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Web Africa CEO, Tim Wyatt-Gunning responds to Minister Pule’s call for public, private collaboration in broadband challenge.

Once again the Minister of Communications has made all the right political statements when she announced that providing connectivity to impoverished rural communities is a key priority for the Department of Communications (DOC).

Recently suggesting that it would cost as much as R90-billion to achieve this, she has also hit the nail on the head when she said that it would take a combined public and private effort to ensure the goal of reaching 100% broadband access by 2020.

The latest investment number seems fairly accurate when compared to MTN’s 2011 estimate of R100 billion to achieve broadband for everyone, but certainly up from the R75-billion suggested by the Minister in January.

That’s a lot of money in anyone’s book. The goals are also clearly ambitious. Achieving 100 percent penetration in seven years is no small ask and it is obvious that a large part of that challenge rests squarely on the shoulders of the private sector.

What the Minister fails to address however, is how she intends to incentivise the private sector to work with her.

Quite simply, business hates a policy and regulatory vacuum. It creates uncertainty and raises risk, making any investment unattractive to shareholders and investors alike.

There is currently no certainty around any number of issues. Industry is still waiting on Local Loop Unbundling (LLU). We were assured in 2007 that it would be complete by 2011. We were also told that by 2008 we would have access to Telkom’s copper infrastructure.

The murky waters of the delayed and further delayed spectrum allocation continues to frustrate many companies who are ready and waiting to deliver connectivity to our rural areas.

In fact, our entire national ICT policy is in stasis after the Minister announced in April that a full review of national policy including legislation was to take place. We are still waiting for a document to review and make comments on.

The DOC’s ambitious target of 100 percent broadband access also fundamentally falls short by not adequately defining what broadband access is. What does access constitute? If someone has to walk five or ten kilometres to a public library to access the Internet, does that count as access? Similarly, if a family earns less than R3000 per month and is expected to pay R300 for a 1Mbps line with some data, is that access?

Any meaningful shift in bringing access to our people has to start by allowing market forces to take hold. This is the way business works.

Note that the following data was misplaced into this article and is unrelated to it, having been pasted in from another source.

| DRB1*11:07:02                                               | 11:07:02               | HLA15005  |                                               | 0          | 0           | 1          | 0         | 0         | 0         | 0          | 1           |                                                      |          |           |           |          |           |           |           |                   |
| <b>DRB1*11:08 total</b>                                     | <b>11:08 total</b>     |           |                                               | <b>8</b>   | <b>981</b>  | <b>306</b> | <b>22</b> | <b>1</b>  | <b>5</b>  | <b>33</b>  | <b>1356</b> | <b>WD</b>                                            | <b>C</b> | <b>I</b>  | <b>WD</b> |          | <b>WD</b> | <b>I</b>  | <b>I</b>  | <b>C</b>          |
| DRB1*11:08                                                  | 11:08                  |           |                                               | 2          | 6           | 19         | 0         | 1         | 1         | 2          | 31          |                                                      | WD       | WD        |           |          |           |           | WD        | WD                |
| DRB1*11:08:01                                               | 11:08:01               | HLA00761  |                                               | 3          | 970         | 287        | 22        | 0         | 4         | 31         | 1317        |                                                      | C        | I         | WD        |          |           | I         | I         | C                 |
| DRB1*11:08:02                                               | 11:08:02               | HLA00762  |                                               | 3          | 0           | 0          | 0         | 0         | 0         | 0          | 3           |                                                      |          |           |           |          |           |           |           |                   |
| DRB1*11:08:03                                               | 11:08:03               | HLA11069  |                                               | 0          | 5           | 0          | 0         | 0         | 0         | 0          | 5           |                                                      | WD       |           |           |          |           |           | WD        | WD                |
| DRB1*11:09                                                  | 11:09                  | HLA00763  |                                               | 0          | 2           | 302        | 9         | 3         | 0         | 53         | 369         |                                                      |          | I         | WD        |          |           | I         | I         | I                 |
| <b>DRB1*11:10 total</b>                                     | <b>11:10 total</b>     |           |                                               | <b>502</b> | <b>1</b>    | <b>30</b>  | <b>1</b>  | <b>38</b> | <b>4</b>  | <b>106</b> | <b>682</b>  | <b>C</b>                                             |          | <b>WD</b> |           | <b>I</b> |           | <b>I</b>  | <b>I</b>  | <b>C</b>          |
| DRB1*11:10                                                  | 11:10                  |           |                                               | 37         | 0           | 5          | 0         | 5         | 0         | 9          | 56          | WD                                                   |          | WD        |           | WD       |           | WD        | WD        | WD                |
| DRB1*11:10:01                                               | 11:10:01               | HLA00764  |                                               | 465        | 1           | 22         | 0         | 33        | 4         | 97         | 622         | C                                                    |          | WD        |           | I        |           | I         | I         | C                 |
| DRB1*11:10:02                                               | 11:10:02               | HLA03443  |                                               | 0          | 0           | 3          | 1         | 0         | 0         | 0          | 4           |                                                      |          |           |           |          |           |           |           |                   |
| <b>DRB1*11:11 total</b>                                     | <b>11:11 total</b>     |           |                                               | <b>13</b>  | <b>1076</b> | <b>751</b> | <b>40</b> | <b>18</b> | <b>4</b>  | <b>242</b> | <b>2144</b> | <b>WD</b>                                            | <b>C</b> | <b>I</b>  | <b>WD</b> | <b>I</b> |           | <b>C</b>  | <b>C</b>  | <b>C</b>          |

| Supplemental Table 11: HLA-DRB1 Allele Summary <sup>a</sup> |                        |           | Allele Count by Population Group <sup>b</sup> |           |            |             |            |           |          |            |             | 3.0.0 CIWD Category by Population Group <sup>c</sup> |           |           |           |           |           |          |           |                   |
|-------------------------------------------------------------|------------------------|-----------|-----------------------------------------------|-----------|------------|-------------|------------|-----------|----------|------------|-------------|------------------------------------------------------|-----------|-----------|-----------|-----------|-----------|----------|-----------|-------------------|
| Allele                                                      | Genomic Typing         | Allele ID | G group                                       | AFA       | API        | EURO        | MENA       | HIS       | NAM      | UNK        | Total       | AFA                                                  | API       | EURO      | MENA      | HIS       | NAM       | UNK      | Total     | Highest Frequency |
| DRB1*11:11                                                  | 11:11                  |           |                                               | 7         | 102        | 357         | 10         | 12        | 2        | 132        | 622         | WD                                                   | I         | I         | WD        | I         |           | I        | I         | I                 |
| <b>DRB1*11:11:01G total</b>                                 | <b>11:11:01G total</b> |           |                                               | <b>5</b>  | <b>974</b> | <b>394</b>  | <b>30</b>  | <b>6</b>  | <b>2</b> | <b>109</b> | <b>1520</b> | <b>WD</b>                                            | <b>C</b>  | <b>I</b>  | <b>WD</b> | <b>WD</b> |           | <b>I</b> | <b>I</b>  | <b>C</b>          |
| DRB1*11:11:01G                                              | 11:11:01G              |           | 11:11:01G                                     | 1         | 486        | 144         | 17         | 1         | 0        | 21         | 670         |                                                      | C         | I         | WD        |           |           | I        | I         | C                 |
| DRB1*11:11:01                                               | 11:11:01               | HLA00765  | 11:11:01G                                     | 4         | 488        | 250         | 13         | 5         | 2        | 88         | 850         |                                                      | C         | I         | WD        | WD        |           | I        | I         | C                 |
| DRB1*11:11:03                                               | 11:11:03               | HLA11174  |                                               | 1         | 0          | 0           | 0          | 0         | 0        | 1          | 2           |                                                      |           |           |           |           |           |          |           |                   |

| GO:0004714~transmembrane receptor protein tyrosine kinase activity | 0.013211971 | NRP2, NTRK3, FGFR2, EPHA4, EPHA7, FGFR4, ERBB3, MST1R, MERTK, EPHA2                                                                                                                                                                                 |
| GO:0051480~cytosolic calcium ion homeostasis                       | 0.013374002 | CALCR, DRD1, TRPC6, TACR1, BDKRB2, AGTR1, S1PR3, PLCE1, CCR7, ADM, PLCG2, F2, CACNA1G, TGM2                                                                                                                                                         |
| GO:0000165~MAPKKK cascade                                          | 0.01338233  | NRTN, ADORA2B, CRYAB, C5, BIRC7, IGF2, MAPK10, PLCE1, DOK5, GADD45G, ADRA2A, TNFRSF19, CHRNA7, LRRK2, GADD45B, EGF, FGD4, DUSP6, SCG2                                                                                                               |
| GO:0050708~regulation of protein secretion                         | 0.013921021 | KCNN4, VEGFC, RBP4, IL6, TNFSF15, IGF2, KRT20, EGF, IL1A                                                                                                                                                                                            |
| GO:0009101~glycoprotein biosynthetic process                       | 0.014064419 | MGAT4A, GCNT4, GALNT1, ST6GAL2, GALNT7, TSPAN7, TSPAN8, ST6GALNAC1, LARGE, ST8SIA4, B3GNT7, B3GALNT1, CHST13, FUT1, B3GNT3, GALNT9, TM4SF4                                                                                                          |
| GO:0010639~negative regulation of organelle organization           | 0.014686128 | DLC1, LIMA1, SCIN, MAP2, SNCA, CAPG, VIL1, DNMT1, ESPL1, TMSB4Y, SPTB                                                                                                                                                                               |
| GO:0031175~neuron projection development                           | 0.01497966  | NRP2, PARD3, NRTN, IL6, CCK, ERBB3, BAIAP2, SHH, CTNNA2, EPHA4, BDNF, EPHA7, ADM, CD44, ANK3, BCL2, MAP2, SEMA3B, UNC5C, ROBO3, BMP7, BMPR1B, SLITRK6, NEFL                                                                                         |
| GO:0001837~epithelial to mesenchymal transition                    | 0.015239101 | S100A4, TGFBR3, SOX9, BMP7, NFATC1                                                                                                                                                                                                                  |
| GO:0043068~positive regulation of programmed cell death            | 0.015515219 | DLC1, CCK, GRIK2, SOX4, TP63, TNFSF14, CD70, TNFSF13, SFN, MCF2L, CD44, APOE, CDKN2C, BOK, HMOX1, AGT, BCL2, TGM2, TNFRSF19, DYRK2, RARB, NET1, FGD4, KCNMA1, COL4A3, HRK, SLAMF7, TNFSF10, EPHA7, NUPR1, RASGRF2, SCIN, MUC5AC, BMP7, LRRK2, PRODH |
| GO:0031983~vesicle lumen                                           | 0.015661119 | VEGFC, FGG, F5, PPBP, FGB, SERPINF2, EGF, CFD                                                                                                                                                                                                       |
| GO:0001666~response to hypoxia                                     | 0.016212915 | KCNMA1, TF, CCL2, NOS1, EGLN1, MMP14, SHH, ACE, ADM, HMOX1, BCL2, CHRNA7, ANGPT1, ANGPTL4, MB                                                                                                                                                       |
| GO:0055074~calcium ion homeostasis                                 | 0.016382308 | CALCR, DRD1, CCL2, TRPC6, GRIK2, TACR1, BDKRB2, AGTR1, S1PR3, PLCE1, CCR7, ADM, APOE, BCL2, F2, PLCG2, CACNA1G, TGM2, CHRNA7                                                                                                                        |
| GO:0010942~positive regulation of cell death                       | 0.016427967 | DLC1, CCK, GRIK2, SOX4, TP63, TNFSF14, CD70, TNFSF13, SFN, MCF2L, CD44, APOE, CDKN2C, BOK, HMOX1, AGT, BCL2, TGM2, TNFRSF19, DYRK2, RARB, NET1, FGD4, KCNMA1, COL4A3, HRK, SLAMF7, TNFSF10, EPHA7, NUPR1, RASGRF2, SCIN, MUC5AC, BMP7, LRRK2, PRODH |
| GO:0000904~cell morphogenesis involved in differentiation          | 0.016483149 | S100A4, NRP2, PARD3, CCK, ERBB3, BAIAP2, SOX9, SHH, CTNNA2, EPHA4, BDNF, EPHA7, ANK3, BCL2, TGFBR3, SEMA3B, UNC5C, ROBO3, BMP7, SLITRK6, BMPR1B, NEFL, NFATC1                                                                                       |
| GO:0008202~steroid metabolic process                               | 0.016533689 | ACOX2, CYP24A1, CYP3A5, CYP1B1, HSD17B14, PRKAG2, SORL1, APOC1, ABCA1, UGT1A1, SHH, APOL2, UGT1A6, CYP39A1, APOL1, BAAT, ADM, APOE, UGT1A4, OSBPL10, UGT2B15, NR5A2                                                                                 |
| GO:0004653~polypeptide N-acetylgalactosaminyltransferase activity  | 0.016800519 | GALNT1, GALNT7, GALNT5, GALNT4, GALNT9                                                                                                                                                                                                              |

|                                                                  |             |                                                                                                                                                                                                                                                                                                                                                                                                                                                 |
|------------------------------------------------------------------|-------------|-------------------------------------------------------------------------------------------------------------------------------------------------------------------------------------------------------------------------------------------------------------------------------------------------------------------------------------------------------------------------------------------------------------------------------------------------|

The earlier IPC cuts showed how reactive the market is to cheaper access to the backbone. A price war erupted and the consumer was the winner. There is more than enough room for more fat to be trimmed on IPC costs and if we see further cuts, access will become more affordable still.

Bundling telephone lines with ADSL lines is a further problem which needs to be addressed. Real pre-paid options are attractive to the lower income families as our mobile network operators around the world have proved. Fixed line providers would be no different.

Telkom’s continued cry of ‘access line deficit’ is simply not good enough and any regulator worth its salt would address this.

While our international capacity continues to grow and prices drop as we add more undersea cables, the country is in a position to capitalise on economies of scale – in an ideal world. This simply is not the reality we are dealing with when we consider our local dependency on an incumbent who retains its monopoly on the last mile and local termination costs.

Finally, when looking to bring access to the underserviced areas, we must ask the Minister what has happened to the Universal Service and Access Agency of South (USAASA) Africa and the Universal Service and Access Fund (USAF)? If we are looking to bring access to the underserviced areas, surely this should be overseen by the agency set up by law to do this? What has happened to the licence revenue in the fund? The notion that this money (whatever the magical figure is) will be used to fund set-top boxes flies in the face of the noble objectives of the DOC.

If the Minister and her department are serious about broadband access for all and the 160 000 jobs this will create, she will absolutely need the private sector’s support. What business will first require is an inkling of what kind of risk they will face and how their investment will be protected. The current policy vacuum is certainly not going to attract foreign direct investment and a toothless regulator, unable to control a ruthless incumbent, serves as an ongoing obstacle to further investment by local players.

In short, what we need is some clarity, some political will and some bold and assertive moves by our leaders. Endless reviews and talkshops will just not cut it. 2020 is fast approaching. Tic- tock, Minister, tick-tock.